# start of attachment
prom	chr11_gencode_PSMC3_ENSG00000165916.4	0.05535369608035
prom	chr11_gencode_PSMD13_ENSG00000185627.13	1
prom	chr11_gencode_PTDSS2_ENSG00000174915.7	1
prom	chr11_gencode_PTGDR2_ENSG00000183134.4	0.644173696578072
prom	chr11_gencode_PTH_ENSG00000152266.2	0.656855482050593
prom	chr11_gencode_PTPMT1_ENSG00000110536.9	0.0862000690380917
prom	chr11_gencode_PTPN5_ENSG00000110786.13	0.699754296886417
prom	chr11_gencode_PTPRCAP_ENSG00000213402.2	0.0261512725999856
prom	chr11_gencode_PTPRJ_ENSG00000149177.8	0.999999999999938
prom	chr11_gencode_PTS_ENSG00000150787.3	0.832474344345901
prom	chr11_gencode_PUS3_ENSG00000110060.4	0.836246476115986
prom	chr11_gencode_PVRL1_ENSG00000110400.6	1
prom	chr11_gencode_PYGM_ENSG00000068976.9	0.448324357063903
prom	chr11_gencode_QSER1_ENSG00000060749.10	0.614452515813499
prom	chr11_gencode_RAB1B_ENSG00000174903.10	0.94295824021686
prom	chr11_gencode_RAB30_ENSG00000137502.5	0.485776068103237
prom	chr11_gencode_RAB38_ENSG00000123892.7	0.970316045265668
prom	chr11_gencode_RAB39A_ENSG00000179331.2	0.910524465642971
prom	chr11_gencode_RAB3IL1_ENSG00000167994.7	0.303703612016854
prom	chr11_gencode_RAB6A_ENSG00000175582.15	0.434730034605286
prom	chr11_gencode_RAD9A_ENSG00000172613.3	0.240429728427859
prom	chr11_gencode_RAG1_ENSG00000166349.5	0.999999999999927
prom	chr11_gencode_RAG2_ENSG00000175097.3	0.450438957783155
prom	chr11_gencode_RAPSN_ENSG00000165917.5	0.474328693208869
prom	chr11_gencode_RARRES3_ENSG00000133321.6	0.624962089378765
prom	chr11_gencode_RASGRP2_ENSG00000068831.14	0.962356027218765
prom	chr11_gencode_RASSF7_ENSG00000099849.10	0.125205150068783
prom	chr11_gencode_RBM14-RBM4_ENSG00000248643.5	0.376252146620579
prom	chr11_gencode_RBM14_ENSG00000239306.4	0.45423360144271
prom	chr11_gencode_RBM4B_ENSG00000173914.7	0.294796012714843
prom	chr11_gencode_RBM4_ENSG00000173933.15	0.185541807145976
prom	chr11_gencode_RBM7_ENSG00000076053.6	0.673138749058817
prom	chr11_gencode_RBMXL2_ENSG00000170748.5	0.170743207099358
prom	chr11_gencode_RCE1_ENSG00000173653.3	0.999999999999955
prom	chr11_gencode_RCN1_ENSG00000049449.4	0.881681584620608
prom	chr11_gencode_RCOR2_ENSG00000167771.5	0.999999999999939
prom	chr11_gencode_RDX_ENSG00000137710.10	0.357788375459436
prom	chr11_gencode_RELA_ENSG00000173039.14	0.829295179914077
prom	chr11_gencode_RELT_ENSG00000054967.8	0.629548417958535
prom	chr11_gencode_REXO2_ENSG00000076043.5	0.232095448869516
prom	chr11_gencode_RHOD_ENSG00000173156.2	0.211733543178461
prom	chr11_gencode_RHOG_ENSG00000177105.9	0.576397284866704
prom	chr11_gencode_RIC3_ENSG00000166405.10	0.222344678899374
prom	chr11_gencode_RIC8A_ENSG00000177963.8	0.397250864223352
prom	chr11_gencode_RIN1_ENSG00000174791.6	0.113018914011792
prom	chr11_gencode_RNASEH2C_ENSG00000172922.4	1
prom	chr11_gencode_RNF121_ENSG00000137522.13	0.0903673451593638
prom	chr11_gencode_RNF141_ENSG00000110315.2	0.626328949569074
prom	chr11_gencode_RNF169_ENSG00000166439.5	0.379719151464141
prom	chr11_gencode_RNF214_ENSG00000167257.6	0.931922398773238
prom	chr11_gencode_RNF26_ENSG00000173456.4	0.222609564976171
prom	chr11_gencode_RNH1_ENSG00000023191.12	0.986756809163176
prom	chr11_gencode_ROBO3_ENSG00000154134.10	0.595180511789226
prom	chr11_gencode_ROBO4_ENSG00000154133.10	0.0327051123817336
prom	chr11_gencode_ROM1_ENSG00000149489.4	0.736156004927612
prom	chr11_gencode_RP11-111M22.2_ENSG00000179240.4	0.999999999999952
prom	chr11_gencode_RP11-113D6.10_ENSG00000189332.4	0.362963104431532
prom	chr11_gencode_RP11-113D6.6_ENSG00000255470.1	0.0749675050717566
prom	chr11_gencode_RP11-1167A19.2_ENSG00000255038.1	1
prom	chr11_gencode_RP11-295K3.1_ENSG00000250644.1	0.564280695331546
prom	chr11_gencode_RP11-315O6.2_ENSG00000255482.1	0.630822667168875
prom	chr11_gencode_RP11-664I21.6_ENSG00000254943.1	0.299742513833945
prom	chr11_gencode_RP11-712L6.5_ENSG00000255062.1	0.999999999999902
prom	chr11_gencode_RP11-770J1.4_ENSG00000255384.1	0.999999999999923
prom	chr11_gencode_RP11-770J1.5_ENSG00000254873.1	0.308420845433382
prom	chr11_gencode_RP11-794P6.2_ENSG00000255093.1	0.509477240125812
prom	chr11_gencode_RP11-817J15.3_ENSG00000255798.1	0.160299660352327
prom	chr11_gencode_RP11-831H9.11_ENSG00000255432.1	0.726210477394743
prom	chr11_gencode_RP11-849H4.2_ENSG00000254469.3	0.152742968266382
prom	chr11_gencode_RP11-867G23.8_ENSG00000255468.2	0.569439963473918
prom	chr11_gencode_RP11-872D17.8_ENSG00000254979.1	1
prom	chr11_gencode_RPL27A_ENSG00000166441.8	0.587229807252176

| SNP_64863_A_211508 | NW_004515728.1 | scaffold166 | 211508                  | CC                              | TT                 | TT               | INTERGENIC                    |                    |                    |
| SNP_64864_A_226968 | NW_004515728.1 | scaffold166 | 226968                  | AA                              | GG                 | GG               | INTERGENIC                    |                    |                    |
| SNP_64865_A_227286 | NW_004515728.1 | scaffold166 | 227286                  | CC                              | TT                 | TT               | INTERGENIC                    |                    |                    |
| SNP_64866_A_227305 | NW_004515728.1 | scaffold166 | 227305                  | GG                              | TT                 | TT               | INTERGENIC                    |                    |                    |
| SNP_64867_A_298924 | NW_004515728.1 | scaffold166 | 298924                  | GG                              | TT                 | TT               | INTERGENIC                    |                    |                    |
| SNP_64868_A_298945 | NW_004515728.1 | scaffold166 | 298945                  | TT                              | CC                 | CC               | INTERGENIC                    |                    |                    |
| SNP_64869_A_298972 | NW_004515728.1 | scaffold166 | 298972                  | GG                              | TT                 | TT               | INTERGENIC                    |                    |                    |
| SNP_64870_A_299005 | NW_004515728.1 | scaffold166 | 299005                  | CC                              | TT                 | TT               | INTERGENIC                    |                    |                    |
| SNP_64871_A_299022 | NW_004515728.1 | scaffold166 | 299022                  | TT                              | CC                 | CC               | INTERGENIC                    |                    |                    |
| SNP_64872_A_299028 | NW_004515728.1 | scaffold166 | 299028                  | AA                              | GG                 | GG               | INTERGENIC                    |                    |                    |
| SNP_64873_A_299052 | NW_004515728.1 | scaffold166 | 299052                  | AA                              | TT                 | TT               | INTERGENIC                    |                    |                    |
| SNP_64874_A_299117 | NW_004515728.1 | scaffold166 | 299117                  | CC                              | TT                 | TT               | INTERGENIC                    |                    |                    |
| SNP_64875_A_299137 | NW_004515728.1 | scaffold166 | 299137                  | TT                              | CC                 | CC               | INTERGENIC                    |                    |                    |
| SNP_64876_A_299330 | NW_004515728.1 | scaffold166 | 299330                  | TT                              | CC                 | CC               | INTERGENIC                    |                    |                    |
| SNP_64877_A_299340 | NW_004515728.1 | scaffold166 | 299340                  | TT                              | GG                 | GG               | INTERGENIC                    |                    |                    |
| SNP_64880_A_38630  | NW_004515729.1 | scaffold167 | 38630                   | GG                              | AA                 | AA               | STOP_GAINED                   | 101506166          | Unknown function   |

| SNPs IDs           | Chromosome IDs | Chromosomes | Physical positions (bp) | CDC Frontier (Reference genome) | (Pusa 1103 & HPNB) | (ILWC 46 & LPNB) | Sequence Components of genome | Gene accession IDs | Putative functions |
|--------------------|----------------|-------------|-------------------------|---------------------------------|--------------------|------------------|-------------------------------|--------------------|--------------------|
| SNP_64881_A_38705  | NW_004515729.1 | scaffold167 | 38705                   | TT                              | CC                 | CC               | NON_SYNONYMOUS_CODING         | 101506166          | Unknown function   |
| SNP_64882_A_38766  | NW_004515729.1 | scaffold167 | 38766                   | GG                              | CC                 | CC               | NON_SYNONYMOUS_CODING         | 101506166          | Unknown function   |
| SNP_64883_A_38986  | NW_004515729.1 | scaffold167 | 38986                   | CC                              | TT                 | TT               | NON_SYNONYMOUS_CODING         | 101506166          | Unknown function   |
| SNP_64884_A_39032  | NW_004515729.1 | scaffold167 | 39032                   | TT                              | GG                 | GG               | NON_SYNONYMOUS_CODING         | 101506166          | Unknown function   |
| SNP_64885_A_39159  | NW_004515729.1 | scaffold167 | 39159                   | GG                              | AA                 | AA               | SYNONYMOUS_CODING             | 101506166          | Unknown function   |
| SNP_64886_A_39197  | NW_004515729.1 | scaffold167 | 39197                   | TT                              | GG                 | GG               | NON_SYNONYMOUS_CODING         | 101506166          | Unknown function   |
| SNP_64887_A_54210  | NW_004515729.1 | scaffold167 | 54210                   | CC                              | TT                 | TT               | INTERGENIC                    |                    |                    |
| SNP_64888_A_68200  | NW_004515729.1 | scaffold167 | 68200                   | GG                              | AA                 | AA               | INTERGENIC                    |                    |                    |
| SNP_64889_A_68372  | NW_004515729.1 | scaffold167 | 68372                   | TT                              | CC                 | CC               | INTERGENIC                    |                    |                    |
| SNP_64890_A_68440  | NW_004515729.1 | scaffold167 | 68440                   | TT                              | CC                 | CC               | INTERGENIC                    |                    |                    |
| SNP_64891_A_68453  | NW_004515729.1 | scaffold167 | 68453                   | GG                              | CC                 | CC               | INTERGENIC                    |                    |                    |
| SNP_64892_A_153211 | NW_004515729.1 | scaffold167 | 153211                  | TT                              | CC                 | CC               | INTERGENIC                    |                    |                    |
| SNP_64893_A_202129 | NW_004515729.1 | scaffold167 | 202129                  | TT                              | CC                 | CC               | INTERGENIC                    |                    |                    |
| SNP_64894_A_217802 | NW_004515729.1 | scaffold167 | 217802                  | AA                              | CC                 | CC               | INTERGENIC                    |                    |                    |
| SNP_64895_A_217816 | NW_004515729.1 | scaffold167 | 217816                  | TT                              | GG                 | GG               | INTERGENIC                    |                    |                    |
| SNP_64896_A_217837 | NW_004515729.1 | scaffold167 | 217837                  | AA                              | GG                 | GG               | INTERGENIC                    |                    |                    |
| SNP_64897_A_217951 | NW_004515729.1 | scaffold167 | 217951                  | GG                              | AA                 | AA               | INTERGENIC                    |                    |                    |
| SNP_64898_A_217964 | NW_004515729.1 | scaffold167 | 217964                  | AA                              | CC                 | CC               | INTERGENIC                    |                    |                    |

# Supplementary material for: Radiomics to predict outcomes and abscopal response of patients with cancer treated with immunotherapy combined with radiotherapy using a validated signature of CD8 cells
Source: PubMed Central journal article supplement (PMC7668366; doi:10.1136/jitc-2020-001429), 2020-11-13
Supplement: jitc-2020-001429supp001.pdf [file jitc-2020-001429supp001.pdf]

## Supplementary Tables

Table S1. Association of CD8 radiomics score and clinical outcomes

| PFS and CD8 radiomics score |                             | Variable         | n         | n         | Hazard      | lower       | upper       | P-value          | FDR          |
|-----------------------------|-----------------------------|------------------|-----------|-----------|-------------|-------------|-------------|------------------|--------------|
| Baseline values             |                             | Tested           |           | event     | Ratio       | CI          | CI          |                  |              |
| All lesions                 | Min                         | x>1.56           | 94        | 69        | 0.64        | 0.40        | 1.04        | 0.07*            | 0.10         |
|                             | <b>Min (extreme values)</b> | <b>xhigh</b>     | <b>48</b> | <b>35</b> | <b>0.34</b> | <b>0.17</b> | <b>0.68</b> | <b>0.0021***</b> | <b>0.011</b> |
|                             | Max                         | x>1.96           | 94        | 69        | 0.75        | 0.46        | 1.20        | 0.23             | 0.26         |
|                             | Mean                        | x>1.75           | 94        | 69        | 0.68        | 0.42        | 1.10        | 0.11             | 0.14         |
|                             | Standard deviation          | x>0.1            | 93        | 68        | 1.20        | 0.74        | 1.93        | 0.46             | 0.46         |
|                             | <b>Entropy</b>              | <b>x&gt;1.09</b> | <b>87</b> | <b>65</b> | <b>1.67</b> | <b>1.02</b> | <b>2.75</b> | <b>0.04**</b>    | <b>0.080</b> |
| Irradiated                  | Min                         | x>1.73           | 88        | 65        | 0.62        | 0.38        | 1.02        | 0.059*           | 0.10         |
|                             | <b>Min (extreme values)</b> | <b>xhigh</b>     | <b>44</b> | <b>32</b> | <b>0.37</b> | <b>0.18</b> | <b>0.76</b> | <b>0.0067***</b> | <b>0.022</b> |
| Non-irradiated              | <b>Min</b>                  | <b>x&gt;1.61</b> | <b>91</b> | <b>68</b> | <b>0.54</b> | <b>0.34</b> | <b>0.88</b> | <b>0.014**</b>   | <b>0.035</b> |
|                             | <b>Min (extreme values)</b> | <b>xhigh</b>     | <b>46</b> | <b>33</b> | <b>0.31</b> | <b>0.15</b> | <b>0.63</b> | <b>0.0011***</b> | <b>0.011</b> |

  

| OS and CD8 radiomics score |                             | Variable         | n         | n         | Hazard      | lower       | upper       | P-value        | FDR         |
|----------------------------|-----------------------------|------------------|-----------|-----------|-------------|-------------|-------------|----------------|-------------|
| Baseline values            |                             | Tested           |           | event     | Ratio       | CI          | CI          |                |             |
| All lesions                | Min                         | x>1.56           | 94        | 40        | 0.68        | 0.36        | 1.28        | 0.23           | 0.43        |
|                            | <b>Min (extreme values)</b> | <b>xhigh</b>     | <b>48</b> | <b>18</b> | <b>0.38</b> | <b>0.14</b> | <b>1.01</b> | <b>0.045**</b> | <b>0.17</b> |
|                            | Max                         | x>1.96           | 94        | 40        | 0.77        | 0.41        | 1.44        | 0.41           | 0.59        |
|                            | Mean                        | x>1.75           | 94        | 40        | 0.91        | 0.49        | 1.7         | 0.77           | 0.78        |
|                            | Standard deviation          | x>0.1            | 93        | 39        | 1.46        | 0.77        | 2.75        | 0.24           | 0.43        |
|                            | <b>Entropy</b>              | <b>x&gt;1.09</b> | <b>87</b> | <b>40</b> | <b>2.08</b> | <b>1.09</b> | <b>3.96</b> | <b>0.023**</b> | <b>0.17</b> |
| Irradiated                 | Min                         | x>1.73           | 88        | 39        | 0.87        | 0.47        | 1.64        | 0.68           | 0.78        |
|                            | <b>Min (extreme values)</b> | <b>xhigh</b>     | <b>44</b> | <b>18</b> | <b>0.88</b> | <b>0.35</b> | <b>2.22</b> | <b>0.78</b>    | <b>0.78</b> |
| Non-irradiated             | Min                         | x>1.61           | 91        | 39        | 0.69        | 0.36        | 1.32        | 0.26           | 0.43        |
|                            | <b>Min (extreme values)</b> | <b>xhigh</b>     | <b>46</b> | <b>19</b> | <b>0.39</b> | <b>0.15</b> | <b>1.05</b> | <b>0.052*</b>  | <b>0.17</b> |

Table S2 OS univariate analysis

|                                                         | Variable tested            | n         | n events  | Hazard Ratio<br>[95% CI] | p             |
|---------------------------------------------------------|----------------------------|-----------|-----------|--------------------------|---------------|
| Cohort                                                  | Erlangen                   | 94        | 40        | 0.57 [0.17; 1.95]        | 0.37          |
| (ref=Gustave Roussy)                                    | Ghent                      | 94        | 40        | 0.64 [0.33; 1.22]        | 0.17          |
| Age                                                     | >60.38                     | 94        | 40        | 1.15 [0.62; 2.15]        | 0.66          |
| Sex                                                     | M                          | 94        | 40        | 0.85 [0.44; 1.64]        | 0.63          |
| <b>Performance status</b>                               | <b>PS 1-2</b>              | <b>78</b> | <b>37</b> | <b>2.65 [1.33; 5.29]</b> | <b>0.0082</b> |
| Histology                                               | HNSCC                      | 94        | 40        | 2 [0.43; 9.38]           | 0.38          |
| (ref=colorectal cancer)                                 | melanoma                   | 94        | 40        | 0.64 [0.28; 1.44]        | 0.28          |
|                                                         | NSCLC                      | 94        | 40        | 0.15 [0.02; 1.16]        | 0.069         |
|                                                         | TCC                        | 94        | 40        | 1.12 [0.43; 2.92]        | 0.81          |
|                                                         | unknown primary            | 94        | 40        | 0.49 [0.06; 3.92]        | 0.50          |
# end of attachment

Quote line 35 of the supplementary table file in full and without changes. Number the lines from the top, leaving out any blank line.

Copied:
prom	chr11_gencode_RCN1_ENSG00000049449.4	0.881681584620608